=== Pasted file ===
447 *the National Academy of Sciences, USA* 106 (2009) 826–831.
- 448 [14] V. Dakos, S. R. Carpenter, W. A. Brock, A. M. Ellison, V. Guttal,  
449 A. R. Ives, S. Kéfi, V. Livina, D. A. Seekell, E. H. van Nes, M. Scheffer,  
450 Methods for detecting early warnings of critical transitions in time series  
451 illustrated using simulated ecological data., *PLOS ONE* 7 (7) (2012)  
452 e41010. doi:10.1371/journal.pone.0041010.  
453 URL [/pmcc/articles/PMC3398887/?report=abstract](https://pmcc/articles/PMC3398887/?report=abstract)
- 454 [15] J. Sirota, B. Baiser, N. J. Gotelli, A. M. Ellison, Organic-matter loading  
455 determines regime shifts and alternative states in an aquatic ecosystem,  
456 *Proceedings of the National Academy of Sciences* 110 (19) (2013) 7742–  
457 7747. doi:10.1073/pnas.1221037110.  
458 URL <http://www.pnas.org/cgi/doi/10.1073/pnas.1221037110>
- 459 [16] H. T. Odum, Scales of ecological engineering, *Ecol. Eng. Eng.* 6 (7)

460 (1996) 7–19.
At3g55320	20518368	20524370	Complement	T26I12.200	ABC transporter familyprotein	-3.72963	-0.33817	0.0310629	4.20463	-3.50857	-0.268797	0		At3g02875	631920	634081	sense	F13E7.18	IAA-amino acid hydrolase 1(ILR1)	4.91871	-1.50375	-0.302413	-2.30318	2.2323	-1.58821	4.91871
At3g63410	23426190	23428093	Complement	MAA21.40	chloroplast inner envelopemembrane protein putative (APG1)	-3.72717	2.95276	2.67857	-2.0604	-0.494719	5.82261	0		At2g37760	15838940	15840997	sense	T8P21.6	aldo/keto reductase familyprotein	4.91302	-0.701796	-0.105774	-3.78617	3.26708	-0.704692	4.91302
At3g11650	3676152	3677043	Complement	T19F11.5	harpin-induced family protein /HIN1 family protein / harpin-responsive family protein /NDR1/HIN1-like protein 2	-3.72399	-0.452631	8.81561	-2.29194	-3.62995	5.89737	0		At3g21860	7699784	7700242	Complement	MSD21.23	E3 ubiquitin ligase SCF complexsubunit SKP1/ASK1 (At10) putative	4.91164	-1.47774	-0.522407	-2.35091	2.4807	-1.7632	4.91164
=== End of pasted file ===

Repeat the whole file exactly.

447 *the National Academy of Sciences, USA* 106 (2009) 826–831.
- 448 [14] V. Dakos, S. R. Carpenter, W. A. Brock, A. M. Ellison, V. Guttal,  
449 A. R. Ives, S. Kéfi, V. Livina, D. A. Seekell, E. H. van Nes, M. Scheffer,  
450 Methods for detecting early warnings of critical transitions in time series  
451 illustrated using simulated ecological data., *PLOS ONE* 7 (7) (2012)  
452 e41010. doi:10.1371/journal.pone.0041010.  
453 URL [/pmcc/articles/PMC3398887/?report=abstract](https://pmcc/articles/PMC3398887/?report=abstract)
- 454 [15] J. Sirota, B. Baiser, N. J. Gotelli, A. M. Ellison, Organic-matter loading  
455 determines regime shifts and alternative states in an aquatic ecosystem,  
456 *Proceedings of the National Academy of Sciences* 110 (19) (2013) 7742–  
457 7747. doi:10.1073/pnas.1221037110.  
458 URL <http://www.pnas.org/cgi/doi/10.1073/pnas.1221037110>
- 459 [16] H. T. Odum, Scales of ecological engineering, *Ecol. Eng. Eng.* 6 (7)

460 (1996) 7–19.
At3g55320	20518368	20524370	Complement	T26I12.200	ABC transporter familyprotein	-3.72963	-0.33817	0.0310629	4.20463	-3.50857	-0.268797	0		At3g02875	631920	634081	sense	F13E7.18	IAA-amino acid hydrolase 1(ILR1)	4.91871	-1.50375	-0.302413	-2.30318	2.2323	-1.58821	4.91871
At3g63410	23426190	23428093	Complement	MAA21.40	chloroplast inner envelopemembrane protein putative (APG1)	-3.72717	2.95276	2.67857	-2.0604	-0.494719	5.82261	0		At2g37760	15838940	15840997	sense	T8P21.6	aldo/keto reductase familyprotein	4.91302	-0.701796	-0.105774	-3.78617	3.26708	-0.704692	4.91302
At3g11650	3676152	3677043	Complement	T19F11.5	harpin-induced family protein /HIN1 family protein / harpin-responsive family protein /NDR1/HIN1-like protein 2	-3.72399	-0.452631	8.81561	-2.29194	-3.62995	5.89737	0		At3g21860	7699784	7700242	Complement	MSD21.23	E3 ubiquitin ligase SCF complexsubunit SKP1/ASK1 (At10) putative	4.91164	-1.47774	-0.522407	-2.35091	2.4807	-1.7632	4.91164